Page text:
(PHOTO: Lemon kush / photo by Mark via Flickr. Used under a Creative Commons license.)
(Editor’s note: A medical marijuana dispensary called Magna Terra will be opening soon on Iber Road. Most of the public reaction we’ve seen online has been overwhelmingly positive, but there has been some concern as well. Here’s some context from Kanata resident Liz Hall, who works in the health care field.)
Marijuana is a complex plant containing dozens of chemicals (for example, cannabinoids) with a wide range of effects. There is a huge variation in the impacts of the drug between individuals. Many of the impacts are still poorly understood.
Most people are aware that we all have receptors for opioids (eg heroin, codeine) and that our bodies can make our own opioids in the form of endorphins to relieve pain naturally. We also have cannabis receptors (CB1 and CB2, for example) and our natural cannabinoids are involved in systems responsible for appetite management, inflammation, immune functions and pain management. Marijuana is not the only plant whose chemical components use the cannabinoid receptors. The Echinacea plant, well known as an immune system booster, also uses the cannabinoid receptors.
Statistics from the Centre for Addiction and Mental Health in Toronto, tell us that 44% of Canadians have used marijuana at least once, and that 12% of students used marijuana daily in the past year. It is an illegal drug that has fair amount of social acceptability and frequent enough use in our culture that the police cannot enforce the law as it stands. Harm reduction approaches can allow use of safer forms of the plant, such as cannabis oil, to allow people to gain some of the benefits and minimize the risks.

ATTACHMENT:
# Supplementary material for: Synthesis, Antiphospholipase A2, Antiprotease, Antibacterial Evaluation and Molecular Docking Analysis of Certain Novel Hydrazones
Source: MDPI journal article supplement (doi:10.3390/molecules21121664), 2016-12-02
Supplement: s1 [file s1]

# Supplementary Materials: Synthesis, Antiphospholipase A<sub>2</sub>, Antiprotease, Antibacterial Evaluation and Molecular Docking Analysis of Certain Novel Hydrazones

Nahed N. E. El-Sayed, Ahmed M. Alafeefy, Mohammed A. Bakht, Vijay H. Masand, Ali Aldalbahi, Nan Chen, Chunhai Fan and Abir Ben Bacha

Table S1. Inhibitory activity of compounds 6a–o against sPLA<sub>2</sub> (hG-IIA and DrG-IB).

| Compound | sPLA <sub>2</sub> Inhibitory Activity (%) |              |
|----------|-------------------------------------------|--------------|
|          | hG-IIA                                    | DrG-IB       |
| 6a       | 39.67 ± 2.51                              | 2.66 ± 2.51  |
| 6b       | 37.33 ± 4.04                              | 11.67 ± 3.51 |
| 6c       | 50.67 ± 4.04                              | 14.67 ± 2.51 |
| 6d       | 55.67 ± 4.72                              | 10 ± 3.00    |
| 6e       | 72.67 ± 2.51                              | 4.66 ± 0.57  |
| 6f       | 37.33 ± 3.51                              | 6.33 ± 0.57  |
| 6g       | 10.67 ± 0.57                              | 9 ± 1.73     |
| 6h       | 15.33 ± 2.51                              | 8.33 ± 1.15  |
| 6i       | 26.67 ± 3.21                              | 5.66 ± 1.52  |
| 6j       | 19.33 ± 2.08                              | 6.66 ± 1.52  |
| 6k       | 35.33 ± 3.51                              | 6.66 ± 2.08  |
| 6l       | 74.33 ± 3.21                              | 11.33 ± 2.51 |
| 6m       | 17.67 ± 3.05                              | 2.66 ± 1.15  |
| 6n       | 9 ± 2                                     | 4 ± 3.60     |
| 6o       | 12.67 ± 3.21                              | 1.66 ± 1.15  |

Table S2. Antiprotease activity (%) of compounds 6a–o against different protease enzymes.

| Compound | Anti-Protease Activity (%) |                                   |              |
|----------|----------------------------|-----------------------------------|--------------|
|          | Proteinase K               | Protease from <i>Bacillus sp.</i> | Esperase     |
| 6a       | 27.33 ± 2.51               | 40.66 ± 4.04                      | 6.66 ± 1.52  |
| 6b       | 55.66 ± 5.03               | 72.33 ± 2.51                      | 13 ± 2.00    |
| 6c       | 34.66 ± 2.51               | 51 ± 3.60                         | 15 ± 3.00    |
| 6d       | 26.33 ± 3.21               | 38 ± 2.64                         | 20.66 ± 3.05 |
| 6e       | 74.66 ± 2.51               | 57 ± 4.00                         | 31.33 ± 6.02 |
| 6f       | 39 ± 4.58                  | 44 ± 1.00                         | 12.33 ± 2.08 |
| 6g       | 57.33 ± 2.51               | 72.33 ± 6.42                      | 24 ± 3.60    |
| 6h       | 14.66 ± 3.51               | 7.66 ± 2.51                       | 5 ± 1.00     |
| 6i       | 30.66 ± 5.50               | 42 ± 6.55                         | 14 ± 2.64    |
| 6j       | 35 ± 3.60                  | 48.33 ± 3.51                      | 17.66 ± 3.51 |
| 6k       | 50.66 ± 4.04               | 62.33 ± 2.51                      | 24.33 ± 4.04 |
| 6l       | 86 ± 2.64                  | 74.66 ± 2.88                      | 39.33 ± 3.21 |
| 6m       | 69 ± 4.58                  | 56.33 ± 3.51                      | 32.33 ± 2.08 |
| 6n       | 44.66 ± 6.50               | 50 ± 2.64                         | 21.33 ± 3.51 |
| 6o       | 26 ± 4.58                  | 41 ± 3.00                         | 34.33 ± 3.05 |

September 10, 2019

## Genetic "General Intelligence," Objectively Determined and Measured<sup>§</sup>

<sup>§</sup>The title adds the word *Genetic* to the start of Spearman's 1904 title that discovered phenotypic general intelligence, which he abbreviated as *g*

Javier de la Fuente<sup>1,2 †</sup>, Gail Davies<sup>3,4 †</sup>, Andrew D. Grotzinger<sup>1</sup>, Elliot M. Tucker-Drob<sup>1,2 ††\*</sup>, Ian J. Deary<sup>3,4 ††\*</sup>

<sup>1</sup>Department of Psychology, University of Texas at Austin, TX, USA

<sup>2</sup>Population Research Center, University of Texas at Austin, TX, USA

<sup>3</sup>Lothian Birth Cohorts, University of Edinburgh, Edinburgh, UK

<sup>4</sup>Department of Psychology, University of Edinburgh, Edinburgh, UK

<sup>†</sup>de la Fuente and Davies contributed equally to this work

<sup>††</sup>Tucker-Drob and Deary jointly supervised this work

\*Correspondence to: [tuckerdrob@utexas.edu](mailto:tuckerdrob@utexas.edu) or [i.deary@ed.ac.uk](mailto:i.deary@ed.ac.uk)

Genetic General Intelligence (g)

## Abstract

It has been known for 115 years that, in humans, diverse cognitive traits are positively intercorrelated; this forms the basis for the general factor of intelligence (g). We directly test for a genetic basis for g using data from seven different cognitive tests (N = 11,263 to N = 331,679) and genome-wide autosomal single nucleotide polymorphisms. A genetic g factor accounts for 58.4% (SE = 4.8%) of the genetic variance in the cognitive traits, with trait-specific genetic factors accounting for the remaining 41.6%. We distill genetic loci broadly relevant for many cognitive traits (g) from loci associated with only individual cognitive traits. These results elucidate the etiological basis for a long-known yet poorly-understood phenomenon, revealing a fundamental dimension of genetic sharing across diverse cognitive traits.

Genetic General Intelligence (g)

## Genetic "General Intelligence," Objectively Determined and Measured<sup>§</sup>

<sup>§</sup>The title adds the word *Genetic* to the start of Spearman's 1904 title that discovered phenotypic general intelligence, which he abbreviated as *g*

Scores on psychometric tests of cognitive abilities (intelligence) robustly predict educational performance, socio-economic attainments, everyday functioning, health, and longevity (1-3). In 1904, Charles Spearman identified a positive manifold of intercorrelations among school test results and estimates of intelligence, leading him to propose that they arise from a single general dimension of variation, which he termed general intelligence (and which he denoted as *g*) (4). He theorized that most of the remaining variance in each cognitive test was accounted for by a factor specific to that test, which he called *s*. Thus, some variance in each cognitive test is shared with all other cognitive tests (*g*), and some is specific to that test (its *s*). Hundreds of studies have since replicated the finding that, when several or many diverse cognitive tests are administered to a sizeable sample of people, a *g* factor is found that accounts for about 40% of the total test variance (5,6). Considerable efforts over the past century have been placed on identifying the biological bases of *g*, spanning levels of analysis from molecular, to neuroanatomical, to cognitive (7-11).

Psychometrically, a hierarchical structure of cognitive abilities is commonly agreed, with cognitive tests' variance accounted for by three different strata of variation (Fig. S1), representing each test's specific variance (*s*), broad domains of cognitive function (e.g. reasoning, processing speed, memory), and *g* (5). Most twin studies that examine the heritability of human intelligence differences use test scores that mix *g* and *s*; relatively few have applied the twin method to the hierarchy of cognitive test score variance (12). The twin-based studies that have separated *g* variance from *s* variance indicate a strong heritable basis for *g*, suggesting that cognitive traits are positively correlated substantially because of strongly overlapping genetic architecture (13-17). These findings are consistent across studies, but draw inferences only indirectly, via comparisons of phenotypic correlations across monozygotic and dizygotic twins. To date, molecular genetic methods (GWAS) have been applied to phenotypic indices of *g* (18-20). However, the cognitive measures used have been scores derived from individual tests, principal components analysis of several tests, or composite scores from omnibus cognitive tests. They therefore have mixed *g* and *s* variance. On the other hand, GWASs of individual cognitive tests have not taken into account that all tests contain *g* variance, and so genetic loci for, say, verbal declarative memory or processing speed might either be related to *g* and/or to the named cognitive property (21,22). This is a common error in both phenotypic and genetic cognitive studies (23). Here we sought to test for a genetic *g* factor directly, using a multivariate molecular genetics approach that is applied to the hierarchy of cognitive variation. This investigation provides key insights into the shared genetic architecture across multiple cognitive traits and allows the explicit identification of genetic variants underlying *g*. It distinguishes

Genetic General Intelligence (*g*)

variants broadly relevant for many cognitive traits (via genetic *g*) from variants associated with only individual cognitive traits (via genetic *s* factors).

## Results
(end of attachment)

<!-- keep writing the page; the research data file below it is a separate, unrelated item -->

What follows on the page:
THERE ARE RISKS
Marijuana has a long half life (1-3 days) and levels can accumulate (in fat in brain, liver, ovaries/testes mainly) resulting in subtle levels of impairment that can impact driving ability, motivation, and ability to process complex decisions. It is much easier for people to realistically predict that a social drink, which impairs for about an hour, will not interfere with critical decision-making. Predicting suspension of responsibilities for the longer periods of time marijuana can impair the brain is much less reliable.
Marijuana can hasten the development of psychotic illnesses like schizophrenia. Many questions about how marijuana use contributes to development of psychotic illnesses remain. Early use of marijuana, and frequent use of marijuana, are associated with higher rates of schizophrenia, and earlier age of illness onset. Repeated episodes of psychosis can result in cognitive decline.
Smoking any drug is the most dangerous way to have it enter your body. Risks of smoking marijuana are a lot like risks of smoking tobacco.
POTENTIAL BENEFITS ARE REAL
Not all the claims of benefits of use have been proven. Many of the benefits are related to some of the individual components of marijuana such as cannabis oil (cannabidiol/CBD). For example, childhood epilepsy can be treated with CBD. Some people use marijuana products to cope with pain, inflammation, nausea, and muscle control problems. So many different areas of the body seem to be impacted by the components of marijuana. Hopefully as the legal status of marijuana is relaxed, more research will result in meaningful health benefits from this plant.
SHOULD YOUR RISK IT?
That is a question for each individual. I think I would want a lot more answers before I would risk the development of a psychotic illness. I would want good advice from a medical professional about how cannabis use for a particular problem compares to other treatment options for the same problem. I also have some reservations about trusting health decisions to an organization that brags about their 14-hour “Cannabis Professionals” course being “in depth”.
If you want to learn more, the website www.erowid.org, has a huge section about marijuana with a sample of the vast amounts of controversial information. Careful though: it might take more than 14 hours to read it all.
Liz Hall, ICADC